The important results of this study are:
The definition of -periodicity notion is adapted to the quantum calculus.
The importance of time scale calculus is pointed out for the analysis of quantum calculus.
As an application, the -periodicity notion for quantum calculus is used for the predator–prey dynamic system whose coefficient functions are periodic.
As a result, it is seen that one can define a periodicity notion that is applicable to the structure of the quantum calculus. Additionally, it is shown that this notion is useful for different applications. One of its applications is analyzed in this study with an example.
There are many studies about the predator–prey dynamic systems on time scale calculus such as [14, 19, 27, 28]. All of these cited studies are about the periodic solutions of the considered system on a periodic time scale. However, in the world, there are many different species. While investigating the periodicity notion of the different life cycle of the species, the -periodic time scales could be a little bit restricted. Therefore, if the life cycle of this kind of species is appropriate to the Beddington-DeAngelis functional response, then the results that we have found in that study are becoming more useful and important.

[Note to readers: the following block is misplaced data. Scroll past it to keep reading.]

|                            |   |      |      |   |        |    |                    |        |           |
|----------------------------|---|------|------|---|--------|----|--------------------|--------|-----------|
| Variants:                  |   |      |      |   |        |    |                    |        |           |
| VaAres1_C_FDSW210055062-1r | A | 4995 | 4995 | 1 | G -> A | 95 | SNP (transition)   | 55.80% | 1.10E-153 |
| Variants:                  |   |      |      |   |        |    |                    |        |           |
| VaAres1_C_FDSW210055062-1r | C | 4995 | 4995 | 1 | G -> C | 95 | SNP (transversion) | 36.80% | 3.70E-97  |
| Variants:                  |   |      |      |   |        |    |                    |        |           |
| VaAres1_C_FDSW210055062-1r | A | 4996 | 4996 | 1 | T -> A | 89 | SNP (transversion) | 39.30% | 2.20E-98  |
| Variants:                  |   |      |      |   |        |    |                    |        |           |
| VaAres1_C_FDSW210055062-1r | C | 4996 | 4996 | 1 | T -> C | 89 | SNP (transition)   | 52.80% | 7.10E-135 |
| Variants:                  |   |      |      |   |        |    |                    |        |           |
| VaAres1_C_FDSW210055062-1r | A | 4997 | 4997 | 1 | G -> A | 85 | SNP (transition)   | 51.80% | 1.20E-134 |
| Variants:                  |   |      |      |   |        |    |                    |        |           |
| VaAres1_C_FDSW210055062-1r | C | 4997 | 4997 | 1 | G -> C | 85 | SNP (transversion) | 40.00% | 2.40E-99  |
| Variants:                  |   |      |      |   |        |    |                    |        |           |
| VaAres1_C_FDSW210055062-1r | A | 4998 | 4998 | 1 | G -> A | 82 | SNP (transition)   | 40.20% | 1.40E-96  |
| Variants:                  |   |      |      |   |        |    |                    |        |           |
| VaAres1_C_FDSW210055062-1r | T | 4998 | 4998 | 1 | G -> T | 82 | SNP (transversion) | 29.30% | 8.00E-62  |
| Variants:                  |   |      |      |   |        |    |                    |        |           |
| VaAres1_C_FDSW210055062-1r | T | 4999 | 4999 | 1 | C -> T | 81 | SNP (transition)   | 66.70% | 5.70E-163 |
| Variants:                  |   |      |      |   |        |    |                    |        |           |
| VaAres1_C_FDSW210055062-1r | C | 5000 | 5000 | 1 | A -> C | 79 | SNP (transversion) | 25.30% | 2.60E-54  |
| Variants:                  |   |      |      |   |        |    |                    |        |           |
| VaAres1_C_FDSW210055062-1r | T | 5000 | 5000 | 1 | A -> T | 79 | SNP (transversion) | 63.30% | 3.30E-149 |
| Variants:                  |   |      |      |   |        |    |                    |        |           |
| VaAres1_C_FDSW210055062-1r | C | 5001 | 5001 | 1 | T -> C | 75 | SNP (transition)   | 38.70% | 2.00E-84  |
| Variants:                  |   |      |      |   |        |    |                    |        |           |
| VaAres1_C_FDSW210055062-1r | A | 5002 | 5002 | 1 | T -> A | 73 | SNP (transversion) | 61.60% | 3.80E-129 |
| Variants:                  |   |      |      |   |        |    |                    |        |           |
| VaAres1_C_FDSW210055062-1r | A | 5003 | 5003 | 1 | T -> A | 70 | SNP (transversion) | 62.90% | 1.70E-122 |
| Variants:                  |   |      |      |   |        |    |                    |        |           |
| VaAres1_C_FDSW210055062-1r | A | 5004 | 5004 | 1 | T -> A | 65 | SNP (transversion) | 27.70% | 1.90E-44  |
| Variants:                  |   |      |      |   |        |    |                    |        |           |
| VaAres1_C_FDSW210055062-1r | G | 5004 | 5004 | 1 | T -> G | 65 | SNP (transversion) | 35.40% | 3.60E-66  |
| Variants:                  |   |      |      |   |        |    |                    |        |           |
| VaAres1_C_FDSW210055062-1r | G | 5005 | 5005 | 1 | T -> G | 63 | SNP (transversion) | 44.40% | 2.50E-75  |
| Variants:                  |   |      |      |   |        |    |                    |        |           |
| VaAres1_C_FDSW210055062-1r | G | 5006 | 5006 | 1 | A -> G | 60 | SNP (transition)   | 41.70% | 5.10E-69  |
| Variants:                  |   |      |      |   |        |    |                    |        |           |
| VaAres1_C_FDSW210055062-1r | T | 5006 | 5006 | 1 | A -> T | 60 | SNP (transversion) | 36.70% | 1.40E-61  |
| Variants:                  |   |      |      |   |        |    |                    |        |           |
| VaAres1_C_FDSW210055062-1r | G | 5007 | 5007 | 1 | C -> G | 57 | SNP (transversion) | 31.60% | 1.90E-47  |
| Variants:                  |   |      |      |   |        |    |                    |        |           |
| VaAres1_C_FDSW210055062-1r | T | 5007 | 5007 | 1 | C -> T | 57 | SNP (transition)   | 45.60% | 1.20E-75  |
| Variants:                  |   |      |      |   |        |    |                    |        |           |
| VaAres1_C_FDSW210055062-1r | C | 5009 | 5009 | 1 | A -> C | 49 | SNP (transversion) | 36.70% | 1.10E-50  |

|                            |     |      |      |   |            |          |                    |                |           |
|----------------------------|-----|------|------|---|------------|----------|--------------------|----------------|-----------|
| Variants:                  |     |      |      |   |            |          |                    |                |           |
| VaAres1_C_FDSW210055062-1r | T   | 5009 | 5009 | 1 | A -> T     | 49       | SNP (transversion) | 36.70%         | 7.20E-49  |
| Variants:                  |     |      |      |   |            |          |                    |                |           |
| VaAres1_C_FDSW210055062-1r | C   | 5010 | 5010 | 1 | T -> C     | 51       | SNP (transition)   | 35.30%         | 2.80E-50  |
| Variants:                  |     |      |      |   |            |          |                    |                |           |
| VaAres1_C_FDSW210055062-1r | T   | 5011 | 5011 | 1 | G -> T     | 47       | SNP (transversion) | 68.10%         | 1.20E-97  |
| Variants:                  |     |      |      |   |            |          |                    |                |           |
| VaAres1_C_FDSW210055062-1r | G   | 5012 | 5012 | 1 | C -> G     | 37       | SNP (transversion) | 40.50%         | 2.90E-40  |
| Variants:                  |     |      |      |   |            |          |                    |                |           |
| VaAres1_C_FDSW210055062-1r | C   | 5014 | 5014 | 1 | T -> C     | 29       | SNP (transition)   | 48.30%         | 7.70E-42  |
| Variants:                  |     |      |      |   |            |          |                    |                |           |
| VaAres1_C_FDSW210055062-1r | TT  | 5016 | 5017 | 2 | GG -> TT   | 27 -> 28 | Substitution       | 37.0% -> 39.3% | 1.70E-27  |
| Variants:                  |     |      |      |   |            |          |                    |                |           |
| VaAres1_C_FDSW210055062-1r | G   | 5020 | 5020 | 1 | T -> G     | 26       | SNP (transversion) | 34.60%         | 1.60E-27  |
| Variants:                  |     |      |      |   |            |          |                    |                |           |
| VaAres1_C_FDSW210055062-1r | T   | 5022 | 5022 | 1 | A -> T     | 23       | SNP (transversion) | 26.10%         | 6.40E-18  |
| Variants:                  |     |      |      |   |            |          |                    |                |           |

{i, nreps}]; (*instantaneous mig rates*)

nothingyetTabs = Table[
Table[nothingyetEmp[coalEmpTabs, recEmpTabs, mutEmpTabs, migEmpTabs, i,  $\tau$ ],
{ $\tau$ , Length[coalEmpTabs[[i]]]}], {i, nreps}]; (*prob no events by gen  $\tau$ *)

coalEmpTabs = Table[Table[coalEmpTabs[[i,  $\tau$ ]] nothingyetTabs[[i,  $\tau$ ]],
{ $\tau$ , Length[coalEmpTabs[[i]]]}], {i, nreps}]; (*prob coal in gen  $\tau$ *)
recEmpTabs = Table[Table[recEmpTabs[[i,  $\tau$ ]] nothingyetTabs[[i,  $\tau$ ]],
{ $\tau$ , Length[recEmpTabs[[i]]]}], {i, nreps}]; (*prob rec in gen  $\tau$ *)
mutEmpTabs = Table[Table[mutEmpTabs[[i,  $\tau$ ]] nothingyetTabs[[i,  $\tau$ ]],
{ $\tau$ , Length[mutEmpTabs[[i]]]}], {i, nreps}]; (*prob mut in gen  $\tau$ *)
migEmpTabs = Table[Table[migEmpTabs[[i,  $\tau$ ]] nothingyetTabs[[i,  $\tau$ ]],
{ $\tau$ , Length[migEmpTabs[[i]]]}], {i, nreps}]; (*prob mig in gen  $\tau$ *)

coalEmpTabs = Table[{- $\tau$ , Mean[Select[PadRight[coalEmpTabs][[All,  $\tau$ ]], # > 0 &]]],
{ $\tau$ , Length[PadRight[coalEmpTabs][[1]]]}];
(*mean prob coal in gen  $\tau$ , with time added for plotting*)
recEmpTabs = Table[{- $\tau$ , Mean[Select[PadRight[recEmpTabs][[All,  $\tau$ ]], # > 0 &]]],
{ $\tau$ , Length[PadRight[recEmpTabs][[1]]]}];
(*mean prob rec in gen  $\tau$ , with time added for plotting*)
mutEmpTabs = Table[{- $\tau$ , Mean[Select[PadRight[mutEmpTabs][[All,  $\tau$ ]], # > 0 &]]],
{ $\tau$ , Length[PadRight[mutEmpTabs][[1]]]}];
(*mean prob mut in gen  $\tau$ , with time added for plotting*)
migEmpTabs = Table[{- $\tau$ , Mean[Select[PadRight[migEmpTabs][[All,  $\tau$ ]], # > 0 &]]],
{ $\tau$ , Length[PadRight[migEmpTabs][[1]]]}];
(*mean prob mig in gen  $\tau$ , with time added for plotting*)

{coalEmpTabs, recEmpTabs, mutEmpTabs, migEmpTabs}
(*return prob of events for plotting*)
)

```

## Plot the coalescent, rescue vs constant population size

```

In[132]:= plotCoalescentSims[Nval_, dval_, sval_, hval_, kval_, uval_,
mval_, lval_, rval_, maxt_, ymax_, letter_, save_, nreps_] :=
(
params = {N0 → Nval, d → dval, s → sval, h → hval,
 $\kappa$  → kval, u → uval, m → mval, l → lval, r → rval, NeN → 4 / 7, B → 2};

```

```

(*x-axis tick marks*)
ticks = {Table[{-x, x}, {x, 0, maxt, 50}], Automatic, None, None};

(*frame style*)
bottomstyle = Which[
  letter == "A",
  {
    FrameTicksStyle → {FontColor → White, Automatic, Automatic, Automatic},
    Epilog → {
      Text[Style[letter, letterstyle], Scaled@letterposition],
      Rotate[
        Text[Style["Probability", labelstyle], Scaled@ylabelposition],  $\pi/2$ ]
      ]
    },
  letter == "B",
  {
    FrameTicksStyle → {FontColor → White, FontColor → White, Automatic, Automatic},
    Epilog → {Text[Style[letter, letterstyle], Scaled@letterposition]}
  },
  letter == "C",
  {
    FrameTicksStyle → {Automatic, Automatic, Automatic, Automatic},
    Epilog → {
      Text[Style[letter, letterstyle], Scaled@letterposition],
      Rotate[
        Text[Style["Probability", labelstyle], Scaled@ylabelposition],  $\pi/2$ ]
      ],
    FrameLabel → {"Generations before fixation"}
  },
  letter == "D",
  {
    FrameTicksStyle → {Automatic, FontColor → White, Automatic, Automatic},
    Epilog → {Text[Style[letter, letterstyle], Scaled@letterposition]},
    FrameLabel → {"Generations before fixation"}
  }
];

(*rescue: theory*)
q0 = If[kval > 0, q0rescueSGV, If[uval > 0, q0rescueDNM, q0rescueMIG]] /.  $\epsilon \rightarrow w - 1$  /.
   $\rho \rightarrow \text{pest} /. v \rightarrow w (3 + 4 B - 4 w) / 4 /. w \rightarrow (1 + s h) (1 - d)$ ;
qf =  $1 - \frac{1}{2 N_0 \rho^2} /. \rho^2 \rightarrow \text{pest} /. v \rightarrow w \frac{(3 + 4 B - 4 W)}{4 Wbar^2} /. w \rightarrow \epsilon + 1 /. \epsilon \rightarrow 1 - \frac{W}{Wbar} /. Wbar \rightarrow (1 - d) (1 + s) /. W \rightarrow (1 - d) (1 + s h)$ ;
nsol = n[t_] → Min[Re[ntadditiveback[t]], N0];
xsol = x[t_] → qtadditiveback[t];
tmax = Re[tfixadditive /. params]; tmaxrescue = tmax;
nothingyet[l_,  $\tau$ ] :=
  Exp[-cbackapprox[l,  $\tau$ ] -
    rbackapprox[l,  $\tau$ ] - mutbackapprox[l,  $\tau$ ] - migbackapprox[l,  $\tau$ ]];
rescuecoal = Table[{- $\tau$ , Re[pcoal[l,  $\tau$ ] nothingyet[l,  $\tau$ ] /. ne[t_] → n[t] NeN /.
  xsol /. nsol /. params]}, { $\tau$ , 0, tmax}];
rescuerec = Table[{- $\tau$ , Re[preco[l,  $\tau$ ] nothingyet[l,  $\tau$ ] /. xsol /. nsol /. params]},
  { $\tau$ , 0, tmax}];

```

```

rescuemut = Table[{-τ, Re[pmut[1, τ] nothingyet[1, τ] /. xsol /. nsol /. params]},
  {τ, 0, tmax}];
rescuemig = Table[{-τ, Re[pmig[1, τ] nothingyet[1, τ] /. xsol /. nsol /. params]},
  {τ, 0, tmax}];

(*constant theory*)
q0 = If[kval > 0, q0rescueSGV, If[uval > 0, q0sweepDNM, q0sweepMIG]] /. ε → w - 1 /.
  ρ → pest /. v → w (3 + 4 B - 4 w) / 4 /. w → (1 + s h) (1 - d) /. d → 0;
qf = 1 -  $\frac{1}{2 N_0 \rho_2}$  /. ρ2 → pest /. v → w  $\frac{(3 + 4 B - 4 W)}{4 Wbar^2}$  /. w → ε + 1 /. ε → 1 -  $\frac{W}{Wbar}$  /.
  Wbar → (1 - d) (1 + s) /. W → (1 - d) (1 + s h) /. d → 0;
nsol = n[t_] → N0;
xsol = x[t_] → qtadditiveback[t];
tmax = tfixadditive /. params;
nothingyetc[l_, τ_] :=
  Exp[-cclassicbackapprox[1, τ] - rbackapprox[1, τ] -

In addition to these, the -periodic solutions for predator–prey dynamic systems with Holling-type functional response, semiratio-dependent functional response, and monotype functional response can be also taken into account for future studies. In that dynamic systems, delay conditions and impulsive conditions can also be added for the new investigations.
This is a joint work with Ayse Feza Guvenilir and Billur Kaymakcalan.
A major portion of the chapter is borrowed from the publication “Behavior of the solutions for predator-prey dynamic systems with Beddington-DeAngelis-type functional response on periodic time scales in shifts” .